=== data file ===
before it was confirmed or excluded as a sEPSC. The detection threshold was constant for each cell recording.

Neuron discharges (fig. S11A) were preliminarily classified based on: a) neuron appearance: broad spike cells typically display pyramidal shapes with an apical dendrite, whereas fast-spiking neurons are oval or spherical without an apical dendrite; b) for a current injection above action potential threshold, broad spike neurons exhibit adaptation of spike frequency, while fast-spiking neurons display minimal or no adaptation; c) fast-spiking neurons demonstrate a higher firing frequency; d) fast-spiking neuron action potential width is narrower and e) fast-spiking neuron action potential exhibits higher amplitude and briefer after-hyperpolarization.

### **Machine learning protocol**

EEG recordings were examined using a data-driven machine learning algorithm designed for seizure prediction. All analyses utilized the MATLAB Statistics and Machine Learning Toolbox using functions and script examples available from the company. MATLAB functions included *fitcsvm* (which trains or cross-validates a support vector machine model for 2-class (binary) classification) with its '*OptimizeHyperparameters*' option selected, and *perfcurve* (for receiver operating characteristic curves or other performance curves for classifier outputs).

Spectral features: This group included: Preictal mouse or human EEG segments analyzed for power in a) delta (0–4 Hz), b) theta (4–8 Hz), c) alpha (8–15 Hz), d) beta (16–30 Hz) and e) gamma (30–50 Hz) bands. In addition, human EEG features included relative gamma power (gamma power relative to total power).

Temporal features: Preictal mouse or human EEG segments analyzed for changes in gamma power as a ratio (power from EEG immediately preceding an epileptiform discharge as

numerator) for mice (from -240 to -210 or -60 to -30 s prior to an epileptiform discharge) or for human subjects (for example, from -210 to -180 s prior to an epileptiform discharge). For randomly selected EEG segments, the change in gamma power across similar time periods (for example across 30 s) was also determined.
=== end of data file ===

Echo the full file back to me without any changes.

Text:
before it was confirmed or excluded as a sEPSC. The detection threshold was constant for each cell recording.

Neuron discharges (fig. S11A) were preliminarily classified based on: a) neuron appearance: broad spike cells typically display pyramidal shapes with an apical dendrite, whereas fast-spiking neurons are oval or spherical without an apical dendrite; b) for a current injection above action potential threshold, broad spike neurons exhibit adaptation of spike frequency, while fast-spiking neurons display minimal or no adaptation; c) fast-spiking neurons demonstrate a higher firing frequency; d) fast-spiking neuron action potential width is narrower and e) fast-spiking neuron action potential exhibits higher amplitude and briefer after-hyperpolarization.

### **Machine learning protocol**

EEG recordings were examined using a data-driven machine learning algorithm designed for seizure prediction. All analyses utilized the MATLAB Statistics and Machine Learning Toolbox using functions and script examples available from the company. MATLAB functions included *fitcsvm* (which trains or cross-validates a support vector machine model for 2-class (binary) classification) with its '*OptimizeHyperparameters*' option selected, and *perfcurve* (for receiver operating characteristic curves or other performance curves for classifier outputs).

Spectral features: This group included: Preictal mouse or human EEG segments analyzed for power in a) delta (0–4 Hz), b) theta (4–8 Hz), c) alpha (8–15 Hz), d) beta (16–30 Hz) and e) gamma (30–50 Hz) bands. In addition, human EEG features included relative gamma power (gamma power relative to total power).

Temporal features: Preictal mouse or human EEG segments analyzed for changes in gamma power as a ratio (power from EEG immediately preceding an epileptiform discharge as

numerator) for mice (from -240 to -210 or -60 to -30 s prior to an epileptiform discharge) or for human subjects (for example, from -210 to -180 s prior to an epileptiform discharge). For randomly selected EEG segments, the change in gamma power across similar time periods (for example across 30 s) was also determined.